Scott Brown’s decision to explore a Senate run in New Hampshire has implications beyond the borders of the Granite State.

The former Massachusetts senator's decision not only gives Republicans their best shot at taking down Sen. Jeanne Shaheen (D-N.H.), but thanks to GOP recruiting in recent weeks, the Senate landscape looks even more dire for Democrats this fall.


Democrats face an increasingly difficult national political climate, and Republicans need to pick up just six seats to take back the majority. They're favored in three red states where Democrats are retiring and have favorable conditions and strong candidates lined up in at least three of four other states that are held by Democrats but won by Mitt Romney last cycle.

President Obama’s unpopularity — coupled with $30 million in ObamaCare attacks launched since August from a Koch brothers-backed group on House and Senate races — has further shuffled the map and complicated Democrats’ chances in at least four more seats.

In Michigan, an open swing state, polling has shown GOP front-runner Terri Lynn Land holding a slight but consistent lead over likely Democratic nominee Rep. Gary Peters, who’s been hit by hundreds of thousands of dollars in ObamaCare attack ads.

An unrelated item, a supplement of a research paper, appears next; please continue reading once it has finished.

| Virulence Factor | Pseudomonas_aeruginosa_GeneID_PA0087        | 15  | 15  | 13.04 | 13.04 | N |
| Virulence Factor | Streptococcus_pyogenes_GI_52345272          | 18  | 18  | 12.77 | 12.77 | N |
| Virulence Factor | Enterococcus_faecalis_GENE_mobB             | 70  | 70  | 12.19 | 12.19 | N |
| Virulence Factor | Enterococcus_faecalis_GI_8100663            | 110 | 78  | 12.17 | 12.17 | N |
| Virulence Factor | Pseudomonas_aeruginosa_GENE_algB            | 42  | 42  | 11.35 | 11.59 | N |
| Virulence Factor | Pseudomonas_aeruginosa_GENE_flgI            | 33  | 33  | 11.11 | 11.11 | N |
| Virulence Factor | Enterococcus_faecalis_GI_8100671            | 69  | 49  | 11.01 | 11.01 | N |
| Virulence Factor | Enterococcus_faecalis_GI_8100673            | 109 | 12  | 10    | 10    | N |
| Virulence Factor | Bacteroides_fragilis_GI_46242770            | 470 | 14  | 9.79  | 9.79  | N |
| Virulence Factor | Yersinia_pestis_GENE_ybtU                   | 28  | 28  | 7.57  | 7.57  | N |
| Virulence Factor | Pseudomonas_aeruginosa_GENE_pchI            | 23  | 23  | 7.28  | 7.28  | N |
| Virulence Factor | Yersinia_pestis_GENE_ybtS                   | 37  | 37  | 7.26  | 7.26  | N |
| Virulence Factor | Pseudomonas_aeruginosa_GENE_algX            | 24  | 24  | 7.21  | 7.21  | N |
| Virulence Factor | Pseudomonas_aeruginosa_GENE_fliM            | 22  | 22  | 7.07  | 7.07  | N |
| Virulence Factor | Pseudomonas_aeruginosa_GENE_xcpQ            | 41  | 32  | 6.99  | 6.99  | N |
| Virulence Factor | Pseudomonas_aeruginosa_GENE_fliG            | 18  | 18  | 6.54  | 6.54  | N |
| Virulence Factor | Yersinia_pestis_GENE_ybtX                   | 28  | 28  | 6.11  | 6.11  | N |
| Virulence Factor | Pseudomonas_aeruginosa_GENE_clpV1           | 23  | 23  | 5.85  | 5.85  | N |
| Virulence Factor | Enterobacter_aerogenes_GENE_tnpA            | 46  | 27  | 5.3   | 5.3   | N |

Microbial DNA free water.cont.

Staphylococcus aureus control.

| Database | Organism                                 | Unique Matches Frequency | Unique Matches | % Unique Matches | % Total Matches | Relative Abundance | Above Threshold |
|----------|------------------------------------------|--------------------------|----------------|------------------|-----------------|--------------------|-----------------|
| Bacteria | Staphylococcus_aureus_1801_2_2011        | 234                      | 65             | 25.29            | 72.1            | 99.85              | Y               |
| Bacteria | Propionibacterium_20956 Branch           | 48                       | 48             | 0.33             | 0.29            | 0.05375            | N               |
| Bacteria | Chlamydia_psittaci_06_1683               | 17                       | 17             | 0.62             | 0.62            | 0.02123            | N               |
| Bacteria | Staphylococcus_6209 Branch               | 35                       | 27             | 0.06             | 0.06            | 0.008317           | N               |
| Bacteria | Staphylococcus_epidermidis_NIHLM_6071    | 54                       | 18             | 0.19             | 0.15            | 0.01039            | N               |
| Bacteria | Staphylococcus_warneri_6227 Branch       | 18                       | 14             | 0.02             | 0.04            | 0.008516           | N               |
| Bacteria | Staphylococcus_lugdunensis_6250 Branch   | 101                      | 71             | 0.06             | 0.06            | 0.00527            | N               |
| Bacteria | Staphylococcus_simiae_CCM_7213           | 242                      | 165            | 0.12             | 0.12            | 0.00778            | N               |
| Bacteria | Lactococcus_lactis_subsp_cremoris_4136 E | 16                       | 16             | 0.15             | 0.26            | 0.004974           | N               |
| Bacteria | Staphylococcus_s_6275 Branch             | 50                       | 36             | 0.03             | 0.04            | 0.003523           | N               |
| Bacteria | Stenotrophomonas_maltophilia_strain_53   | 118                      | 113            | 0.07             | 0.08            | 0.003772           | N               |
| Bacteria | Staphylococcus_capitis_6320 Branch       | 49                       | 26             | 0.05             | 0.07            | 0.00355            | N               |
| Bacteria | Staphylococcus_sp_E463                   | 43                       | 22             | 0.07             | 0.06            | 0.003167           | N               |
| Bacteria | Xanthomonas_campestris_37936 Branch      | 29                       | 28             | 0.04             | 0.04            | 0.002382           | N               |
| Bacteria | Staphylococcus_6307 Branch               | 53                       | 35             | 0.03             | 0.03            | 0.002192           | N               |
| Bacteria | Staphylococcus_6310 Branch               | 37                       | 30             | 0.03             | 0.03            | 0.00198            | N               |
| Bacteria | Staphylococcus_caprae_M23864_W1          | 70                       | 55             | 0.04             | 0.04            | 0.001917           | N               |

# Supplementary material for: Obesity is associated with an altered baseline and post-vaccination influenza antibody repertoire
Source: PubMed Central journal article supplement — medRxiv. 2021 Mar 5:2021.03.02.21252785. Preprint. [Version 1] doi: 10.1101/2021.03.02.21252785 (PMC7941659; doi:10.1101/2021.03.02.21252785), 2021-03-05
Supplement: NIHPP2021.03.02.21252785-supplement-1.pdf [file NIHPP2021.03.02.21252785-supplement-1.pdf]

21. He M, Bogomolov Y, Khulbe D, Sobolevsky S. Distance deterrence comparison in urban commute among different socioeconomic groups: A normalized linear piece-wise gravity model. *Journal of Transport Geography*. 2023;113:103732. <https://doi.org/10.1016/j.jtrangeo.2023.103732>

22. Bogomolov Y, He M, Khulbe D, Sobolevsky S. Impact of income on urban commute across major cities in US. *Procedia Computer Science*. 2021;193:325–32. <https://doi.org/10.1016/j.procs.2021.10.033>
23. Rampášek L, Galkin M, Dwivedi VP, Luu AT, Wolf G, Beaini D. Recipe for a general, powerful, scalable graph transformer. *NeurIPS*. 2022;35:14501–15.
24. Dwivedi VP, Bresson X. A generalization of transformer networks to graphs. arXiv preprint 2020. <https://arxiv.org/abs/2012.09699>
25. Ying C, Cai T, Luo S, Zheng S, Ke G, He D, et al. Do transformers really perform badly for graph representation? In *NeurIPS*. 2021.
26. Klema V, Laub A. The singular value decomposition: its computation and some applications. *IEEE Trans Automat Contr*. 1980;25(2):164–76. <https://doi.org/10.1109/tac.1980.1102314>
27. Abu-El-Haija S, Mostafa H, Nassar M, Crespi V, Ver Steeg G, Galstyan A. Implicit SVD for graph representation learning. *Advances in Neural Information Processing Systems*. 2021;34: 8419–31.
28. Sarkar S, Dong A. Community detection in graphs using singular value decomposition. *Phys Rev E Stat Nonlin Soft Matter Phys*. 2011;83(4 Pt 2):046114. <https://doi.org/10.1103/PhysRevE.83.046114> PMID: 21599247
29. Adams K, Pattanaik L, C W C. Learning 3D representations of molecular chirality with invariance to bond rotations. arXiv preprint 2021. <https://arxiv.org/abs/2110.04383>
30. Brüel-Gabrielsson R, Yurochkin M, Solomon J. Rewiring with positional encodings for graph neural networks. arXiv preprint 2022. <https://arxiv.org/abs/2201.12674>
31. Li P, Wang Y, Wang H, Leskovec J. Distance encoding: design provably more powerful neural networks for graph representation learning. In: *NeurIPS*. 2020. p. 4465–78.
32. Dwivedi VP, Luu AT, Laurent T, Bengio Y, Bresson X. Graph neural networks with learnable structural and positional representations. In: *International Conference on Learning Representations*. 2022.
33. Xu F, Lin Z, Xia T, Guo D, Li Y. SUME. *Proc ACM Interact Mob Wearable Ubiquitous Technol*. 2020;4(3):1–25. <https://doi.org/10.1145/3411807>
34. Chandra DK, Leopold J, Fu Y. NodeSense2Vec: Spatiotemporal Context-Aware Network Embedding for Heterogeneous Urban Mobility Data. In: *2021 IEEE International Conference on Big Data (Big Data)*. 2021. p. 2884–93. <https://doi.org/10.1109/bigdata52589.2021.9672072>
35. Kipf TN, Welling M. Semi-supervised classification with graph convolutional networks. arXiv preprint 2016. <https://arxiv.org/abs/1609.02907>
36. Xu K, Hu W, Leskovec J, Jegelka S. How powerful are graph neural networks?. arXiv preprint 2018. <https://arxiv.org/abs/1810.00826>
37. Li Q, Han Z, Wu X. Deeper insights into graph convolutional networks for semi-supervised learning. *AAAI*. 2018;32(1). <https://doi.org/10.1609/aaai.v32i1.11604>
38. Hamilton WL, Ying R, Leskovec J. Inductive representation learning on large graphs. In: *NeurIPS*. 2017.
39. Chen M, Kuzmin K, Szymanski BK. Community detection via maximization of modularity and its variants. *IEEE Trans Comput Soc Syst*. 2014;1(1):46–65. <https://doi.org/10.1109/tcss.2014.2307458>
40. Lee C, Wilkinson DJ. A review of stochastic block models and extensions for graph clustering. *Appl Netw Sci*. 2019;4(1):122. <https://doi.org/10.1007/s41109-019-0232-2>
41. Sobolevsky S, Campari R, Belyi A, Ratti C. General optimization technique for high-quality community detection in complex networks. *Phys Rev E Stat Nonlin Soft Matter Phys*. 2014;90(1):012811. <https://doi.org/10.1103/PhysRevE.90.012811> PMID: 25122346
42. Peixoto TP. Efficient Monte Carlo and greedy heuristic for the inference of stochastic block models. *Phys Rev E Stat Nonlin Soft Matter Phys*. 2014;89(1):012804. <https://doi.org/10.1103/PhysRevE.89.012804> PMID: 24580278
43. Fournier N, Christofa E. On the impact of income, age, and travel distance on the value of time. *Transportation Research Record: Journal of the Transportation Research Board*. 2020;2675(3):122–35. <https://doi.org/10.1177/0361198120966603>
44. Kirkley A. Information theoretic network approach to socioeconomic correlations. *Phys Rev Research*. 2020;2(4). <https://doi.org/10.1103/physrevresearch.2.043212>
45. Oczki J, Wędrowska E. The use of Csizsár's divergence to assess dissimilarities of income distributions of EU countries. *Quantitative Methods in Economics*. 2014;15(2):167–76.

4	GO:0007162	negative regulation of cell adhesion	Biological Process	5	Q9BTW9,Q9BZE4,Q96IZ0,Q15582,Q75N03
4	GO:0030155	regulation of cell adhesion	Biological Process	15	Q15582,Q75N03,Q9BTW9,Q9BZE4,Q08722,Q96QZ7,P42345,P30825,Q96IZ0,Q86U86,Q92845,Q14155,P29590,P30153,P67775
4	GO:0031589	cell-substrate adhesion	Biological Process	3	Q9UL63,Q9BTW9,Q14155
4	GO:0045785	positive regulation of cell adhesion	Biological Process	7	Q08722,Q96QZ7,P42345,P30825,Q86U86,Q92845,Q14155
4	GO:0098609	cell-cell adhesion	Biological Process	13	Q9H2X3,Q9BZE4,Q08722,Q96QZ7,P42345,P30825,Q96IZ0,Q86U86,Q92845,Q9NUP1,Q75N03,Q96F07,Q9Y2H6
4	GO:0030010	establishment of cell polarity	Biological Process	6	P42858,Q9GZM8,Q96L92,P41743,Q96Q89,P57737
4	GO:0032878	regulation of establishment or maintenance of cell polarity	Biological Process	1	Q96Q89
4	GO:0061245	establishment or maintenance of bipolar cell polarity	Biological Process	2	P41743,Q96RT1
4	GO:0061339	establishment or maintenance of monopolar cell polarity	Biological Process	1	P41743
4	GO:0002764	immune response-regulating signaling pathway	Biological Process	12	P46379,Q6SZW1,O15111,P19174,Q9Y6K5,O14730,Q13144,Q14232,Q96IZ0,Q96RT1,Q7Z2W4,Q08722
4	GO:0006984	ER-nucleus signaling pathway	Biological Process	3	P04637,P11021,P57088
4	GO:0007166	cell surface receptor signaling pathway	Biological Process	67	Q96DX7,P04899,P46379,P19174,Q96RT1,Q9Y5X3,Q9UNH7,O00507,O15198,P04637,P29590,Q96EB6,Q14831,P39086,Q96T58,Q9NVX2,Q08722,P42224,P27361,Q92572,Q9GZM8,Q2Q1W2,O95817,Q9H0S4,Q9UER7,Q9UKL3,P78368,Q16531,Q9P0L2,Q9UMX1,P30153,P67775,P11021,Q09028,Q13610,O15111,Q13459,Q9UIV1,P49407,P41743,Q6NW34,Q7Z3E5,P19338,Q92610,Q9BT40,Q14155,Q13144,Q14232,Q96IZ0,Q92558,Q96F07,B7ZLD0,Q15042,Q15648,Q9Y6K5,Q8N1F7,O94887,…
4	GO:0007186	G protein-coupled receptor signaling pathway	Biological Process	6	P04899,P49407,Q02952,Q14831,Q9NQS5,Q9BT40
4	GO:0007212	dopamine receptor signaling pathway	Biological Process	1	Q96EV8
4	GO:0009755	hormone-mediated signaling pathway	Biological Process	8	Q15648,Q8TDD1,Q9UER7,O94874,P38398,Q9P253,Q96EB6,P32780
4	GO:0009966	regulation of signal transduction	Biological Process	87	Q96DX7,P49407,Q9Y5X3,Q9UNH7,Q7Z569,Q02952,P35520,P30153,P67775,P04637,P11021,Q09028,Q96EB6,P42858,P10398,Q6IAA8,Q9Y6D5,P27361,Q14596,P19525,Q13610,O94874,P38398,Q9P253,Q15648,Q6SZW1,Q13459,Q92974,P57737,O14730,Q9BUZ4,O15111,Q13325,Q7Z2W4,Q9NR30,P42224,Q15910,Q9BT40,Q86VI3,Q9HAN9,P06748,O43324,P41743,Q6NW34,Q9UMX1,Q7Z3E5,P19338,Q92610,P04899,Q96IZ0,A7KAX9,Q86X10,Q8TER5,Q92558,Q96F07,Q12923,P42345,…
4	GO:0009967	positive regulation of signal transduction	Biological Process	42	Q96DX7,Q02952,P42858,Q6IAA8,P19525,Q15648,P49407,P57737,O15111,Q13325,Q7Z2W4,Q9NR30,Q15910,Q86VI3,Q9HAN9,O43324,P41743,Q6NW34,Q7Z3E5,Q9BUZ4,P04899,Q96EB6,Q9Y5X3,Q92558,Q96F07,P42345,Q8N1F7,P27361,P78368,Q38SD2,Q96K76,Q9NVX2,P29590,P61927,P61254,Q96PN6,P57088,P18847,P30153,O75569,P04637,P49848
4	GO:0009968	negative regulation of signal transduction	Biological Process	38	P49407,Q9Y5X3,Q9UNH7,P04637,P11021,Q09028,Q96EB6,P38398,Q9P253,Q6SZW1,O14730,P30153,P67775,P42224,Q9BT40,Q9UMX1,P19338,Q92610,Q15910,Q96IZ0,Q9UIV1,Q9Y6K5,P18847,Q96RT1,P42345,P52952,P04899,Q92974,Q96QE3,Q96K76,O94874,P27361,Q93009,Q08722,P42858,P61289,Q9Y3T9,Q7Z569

Republicans believe they can also put Virginia into play now that former Republican National Committee Chairman Ed Gillespie is running.

The GOP got a top-tier candidate in Colorado last month, when Rep. Cory Gardner (R) decided to enter the race.

And Brown, with his signature GMC Canyon pickup truck and nearly unmatched fundraising ability, has given Democrats reason to worry in New Hampshire.

Brown hasn’t quite made his bid official, he’s only launched an exploratory committee and a statewide listening tour, and the filing deadline in New Hampshire isn’t until June.

But he will, at the very least, draw time and resources away from other races to a state Democrats would rather not have to worry about.

“It definitely changes the map as far as resources are concerned,” one national Democratic strategist told The Hill. The strategist insisted, however, that “you’re not pulling from like a finite level of resources anywhere,” and pointed out that committees traditionally take out lines of credit if they need to spend more than they’ve budgeted in the final months of a cycle.

And he’s given Republicans further reason for optimism. Jonathan Collegio, spokesman for GOP super-PAC American Crossroads, which just reserved a $600,000 ad buy in New Hampshire for next week, said there were “more than enough” states in the mix for Republicans to take back the Senate.